How to Apply Product Thinking to Build Online Communities
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Is growing an online community similar to growing a product?
To find the answer, I interviewed Jen Lee, a friend who manages Means of Creation fans, one of the fastest-growing communities about the creator economy (based on Li Jin and Nathan Baschez’s show). Jen also helped Justin Kan grow his YouTube channel to 100K subscribers in 5 months while serving full-time as a product manager.
In the interview below, I talked to Jen about how she:
Grew the Means of Creation fans community and Justin Kan’s channel
Applies product thinking to build online communities
Expects the community space to evolve
Can you share your journey to starting the “Means of Creation fans” community?
Sure! So a long time ago, I started a food blog that features Asian-inspired desserts. When it took off, I began to look for answers to questions such as "How do I monetize?" and "How do I keep my followers engaged?”
That led me to discover Means of Creation, a creator economy show that Li Jin and Nathan Baschez host together. I was listening to the show live and thought: "Wouldn’t it be great if I could meet other listeners?” I reached out to Li and Nathan and set up the community after that.
“Means of Creation fans” quickly grew to 1,300+ members talking about the creator economy. We have a diverse member base from founders to investors to creators.
That’s amazing! You also work with Justin Kan, how did that happen?
I cold emailed Justin after hearing that he needed help with his podcast, The Quest. In my email, I highlighted my past content experiments (e.g., the food blog).
That was enough for him to set up a chat with me. We talked about his podcast but I also shared some ideas about creating a YouTube and TikTok presence. A week later, he brought me onboard to help.
We decided to focus his videos on a niche - behind-the-scenes stories that had lessons. We tested a few stories on TikTok before creating YouTube videos for three ideas - getting arrested with Reddit’s CEO, almost selling Twitch to Google, and selling Twitch to Amazon. I helped with everything from storyboarding to post-production (editing, music, and graphics). All this effort paid off because Justin reached 100K YouTube subs after only 5 months.
I like how you started working with Li, Nathan, and Justin just by reaching out and showing how you can help. How do you do all this while being a product manager?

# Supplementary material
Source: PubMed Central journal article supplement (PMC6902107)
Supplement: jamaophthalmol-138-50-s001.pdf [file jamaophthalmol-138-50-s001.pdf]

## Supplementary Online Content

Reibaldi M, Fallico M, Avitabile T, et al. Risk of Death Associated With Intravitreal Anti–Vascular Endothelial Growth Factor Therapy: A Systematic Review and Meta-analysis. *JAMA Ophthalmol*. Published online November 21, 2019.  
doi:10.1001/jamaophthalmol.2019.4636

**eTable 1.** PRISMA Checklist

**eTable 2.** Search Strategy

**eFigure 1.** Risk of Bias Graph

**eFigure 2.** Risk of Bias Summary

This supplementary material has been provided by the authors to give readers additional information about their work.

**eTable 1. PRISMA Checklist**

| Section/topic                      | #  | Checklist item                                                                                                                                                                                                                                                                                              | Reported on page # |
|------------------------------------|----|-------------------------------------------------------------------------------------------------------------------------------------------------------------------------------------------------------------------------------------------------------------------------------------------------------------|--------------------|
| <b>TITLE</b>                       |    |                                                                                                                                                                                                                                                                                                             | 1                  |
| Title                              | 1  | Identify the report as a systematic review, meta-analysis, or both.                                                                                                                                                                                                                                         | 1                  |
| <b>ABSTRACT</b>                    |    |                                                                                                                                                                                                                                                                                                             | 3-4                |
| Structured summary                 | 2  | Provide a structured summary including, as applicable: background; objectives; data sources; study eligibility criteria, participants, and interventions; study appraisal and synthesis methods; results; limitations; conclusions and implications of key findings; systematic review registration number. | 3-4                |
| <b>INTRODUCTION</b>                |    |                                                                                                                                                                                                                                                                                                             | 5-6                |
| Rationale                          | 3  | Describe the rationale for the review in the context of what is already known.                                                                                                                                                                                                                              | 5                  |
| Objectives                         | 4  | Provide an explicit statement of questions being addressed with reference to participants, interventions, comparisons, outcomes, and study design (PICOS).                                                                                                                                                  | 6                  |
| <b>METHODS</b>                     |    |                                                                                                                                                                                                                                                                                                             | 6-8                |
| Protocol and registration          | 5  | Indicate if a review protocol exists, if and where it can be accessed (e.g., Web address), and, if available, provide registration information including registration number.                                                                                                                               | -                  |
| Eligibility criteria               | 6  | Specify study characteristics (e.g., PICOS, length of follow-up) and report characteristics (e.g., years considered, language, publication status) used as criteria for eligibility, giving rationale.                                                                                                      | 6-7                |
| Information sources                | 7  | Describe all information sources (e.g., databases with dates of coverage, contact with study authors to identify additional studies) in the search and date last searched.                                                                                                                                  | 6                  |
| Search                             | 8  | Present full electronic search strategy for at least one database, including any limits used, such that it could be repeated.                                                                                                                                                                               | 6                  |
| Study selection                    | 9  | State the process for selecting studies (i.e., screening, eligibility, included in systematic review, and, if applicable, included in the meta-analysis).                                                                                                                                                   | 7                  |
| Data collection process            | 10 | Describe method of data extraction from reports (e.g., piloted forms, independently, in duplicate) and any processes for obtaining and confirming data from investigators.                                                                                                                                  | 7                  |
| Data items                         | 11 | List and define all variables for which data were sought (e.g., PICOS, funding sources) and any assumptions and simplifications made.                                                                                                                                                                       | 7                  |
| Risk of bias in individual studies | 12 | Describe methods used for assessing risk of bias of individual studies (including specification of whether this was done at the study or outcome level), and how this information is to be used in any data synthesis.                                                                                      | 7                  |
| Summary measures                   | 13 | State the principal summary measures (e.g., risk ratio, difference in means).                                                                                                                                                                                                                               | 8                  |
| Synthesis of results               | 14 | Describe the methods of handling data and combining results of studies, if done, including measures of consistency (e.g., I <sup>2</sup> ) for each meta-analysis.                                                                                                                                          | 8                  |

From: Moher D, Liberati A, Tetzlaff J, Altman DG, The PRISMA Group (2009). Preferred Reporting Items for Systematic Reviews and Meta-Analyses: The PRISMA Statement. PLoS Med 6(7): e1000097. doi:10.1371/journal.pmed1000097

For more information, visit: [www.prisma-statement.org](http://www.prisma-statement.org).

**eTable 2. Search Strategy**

I like to only work on things that aren't draining. I have an honest conversation with myself about how much I can take on. For example, I haven’t started a newsletter because it would take me ages to put something out that I’d be proud of.
In contrast, I enjoy building communities because I like learning in public with other people who have similar interests.
How to apply product thinking to build online communities
Do you have any advice on building a community from scratch?
Like growing a new product or company, you have to do things that don’t scale in the beginning. I think it’s important to:
Give new members great onboarding
Seed the community with great content
Focus conversations on a few channels
Let’s start with #1. How do you onboard new members to a community?
I DM every person that joins to personally welcome them and ask them what they’re looking to get out of the community. This helps me:
Better understand what each member wants. I could then tag relevant members in community conversations.
Build a relationship with new members. They would often be delighted that I took the time to DM them and I would then encourage them to post.
I can see how welcoming members personally can make a big difference. How did you seed the community with great content?
In the beginning, I posted 10x a day to keep conversations going. I prioritized:
Posting to a few channels that haven't had any recent activity.
Tagging people who might be interested in contributing.
Creating a spirit of sharing insights so people see the goodwill and give back.
Why is it important to keep these posts to a few channels?